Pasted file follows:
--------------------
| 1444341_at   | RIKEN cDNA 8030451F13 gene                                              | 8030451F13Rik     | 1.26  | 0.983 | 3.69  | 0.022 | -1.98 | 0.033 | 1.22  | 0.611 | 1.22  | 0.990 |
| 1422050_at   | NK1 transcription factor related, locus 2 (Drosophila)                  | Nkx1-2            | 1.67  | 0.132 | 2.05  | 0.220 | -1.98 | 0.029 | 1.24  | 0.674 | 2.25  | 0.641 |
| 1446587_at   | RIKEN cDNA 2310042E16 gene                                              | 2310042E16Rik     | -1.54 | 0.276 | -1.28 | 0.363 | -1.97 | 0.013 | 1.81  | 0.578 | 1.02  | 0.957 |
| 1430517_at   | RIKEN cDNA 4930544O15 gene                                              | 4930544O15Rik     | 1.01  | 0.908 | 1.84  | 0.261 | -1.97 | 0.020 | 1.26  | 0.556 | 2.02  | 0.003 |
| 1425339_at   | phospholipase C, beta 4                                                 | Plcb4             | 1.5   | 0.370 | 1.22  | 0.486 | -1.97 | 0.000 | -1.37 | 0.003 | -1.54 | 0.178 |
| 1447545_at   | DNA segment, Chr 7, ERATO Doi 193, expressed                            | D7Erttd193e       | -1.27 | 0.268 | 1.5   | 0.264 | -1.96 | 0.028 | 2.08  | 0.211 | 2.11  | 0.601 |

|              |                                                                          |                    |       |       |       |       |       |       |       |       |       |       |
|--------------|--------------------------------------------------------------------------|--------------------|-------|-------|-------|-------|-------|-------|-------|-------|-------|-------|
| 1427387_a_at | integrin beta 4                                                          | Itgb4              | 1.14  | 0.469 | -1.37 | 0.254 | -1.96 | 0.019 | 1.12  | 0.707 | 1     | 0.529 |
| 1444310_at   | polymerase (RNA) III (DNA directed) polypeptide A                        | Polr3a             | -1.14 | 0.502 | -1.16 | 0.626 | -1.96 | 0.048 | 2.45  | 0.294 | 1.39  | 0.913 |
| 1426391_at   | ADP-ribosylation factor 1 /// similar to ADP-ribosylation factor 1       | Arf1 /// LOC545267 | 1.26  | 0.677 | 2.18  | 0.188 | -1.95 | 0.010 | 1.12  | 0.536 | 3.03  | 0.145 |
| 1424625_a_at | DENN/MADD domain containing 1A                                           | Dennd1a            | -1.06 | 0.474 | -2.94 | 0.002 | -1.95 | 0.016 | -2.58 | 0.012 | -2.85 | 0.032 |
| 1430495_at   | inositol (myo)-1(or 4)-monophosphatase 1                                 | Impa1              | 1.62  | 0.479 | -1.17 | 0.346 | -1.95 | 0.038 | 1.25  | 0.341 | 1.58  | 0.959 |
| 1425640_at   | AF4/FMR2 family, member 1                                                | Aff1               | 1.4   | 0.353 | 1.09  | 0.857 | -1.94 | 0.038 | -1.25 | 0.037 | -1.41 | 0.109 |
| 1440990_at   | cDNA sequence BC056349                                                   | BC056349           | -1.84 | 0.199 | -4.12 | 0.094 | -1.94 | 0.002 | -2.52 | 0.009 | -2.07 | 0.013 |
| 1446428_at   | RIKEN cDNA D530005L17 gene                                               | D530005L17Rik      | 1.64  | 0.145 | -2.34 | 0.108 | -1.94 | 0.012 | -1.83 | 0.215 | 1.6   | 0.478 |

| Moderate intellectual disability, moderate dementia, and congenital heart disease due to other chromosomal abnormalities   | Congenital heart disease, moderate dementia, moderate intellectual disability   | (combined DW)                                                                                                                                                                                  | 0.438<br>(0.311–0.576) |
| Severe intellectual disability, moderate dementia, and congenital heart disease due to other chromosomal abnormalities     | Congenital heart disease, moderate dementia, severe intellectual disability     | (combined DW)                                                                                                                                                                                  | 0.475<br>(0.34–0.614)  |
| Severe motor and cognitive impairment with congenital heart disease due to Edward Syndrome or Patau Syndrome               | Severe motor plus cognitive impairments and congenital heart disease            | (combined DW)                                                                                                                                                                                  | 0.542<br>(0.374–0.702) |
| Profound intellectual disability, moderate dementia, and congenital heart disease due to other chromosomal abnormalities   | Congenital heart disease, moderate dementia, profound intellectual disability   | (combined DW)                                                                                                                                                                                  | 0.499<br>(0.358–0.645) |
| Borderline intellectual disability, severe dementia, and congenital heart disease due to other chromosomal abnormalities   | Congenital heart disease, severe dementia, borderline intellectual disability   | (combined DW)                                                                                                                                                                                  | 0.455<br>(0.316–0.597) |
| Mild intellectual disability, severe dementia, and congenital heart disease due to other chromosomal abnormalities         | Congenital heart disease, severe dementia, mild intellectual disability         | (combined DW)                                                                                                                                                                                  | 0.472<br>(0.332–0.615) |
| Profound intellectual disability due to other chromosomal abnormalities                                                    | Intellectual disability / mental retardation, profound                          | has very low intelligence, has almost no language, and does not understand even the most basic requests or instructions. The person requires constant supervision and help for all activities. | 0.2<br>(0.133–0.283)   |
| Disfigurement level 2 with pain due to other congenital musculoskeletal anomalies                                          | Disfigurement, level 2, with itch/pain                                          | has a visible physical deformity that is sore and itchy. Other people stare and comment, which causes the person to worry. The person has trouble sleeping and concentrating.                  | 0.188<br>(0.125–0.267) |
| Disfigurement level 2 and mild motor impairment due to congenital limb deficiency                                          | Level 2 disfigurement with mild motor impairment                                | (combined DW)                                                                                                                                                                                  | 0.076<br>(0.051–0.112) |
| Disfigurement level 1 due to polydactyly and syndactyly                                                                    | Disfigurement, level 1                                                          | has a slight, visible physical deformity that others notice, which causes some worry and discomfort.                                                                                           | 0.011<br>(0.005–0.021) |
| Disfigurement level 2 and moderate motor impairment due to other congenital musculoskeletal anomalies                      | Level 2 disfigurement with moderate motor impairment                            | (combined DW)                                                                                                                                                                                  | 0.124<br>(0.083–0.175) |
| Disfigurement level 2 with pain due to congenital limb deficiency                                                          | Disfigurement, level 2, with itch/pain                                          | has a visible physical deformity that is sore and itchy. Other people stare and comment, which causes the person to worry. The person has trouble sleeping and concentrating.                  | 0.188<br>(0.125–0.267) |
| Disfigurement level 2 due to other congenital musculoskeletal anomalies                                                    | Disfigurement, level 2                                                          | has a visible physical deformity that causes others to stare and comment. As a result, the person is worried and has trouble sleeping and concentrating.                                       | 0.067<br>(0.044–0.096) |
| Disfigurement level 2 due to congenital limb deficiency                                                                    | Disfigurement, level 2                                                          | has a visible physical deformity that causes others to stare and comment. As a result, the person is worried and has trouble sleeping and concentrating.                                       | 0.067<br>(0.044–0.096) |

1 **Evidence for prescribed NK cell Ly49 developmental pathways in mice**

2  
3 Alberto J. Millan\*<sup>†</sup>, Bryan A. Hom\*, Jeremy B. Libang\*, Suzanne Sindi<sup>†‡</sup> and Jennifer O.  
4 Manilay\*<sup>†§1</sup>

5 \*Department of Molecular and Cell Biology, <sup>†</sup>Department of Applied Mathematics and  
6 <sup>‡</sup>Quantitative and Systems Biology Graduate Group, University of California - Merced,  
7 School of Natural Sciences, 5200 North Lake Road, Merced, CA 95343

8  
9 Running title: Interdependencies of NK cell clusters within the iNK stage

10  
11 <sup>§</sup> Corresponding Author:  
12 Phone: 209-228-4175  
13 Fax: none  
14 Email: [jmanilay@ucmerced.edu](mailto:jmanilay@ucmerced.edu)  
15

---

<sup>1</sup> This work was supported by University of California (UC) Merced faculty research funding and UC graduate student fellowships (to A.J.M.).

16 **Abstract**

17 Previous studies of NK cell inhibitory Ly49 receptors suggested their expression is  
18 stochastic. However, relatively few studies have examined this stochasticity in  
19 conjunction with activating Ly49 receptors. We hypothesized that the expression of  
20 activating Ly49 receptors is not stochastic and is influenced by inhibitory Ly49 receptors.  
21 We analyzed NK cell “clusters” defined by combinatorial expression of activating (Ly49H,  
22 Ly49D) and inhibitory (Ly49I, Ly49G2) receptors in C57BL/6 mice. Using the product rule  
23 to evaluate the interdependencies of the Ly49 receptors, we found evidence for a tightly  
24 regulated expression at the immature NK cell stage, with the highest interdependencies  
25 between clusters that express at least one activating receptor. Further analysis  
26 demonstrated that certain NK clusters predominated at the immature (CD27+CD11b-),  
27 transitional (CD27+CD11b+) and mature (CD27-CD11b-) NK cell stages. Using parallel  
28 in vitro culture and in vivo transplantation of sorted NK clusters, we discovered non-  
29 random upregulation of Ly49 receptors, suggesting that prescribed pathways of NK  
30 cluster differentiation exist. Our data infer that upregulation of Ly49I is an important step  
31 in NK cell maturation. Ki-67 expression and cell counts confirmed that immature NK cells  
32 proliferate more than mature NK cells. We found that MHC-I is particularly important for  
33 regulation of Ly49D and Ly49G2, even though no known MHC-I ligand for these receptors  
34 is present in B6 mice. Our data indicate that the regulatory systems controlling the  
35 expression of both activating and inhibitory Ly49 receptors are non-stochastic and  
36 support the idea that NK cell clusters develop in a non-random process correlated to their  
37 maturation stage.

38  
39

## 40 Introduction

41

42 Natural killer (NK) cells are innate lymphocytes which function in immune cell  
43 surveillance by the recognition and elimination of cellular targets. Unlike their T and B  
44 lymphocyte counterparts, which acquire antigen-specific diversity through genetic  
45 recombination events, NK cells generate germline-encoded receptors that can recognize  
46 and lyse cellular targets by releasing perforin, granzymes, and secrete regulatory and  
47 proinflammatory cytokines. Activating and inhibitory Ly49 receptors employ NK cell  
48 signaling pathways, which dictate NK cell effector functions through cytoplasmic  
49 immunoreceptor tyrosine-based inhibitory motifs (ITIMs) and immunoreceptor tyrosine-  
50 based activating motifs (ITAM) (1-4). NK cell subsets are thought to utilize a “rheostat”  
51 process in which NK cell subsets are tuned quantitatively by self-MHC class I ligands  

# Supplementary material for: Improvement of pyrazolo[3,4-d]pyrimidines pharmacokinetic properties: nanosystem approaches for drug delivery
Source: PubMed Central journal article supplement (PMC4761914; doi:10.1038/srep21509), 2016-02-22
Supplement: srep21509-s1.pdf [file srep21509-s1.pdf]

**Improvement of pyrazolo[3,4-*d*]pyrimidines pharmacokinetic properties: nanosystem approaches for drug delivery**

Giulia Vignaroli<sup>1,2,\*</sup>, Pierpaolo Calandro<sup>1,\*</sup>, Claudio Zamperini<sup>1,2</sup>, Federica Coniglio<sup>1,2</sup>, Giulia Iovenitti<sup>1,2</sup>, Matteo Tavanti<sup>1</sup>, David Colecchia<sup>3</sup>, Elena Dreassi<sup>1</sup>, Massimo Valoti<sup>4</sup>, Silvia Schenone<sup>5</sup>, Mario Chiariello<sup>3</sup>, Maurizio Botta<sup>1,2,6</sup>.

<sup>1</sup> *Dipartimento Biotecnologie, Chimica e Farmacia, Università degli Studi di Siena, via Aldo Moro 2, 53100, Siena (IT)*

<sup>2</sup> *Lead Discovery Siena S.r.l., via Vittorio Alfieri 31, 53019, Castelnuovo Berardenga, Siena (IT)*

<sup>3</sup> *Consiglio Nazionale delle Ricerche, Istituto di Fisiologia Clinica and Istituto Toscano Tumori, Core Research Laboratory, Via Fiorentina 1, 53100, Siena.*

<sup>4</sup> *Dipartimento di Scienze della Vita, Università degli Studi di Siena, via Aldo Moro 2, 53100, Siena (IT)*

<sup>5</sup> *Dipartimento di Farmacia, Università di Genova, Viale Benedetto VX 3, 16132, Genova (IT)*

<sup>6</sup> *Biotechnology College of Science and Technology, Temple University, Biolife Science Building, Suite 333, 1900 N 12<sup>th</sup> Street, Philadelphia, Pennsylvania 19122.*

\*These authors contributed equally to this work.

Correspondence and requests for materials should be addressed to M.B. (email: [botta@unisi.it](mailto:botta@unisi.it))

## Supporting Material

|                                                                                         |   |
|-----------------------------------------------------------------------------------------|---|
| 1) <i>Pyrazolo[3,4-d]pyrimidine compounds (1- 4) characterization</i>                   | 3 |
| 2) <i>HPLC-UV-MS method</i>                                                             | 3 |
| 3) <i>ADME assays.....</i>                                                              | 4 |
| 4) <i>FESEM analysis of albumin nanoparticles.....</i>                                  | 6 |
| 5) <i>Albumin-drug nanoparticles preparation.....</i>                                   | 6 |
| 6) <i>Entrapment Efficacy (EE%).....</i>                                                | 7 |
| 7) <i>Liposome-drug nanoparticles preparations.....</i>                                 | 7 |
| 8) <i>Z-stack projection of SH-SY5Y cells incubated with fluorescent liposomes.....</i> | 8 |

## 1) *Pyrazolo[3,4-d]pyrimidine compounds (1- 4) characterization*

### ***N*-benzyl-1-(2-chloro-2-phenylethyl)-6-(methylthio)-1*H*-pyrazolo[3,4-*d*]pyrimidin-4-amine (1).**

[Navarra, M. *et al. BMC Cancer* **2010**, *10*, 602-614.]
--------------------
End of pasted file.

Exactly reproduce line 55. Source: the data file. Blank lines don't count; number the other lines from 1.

23 to evaluate the interdependencies of the Ly49 receptors, we found evidence for a tightly  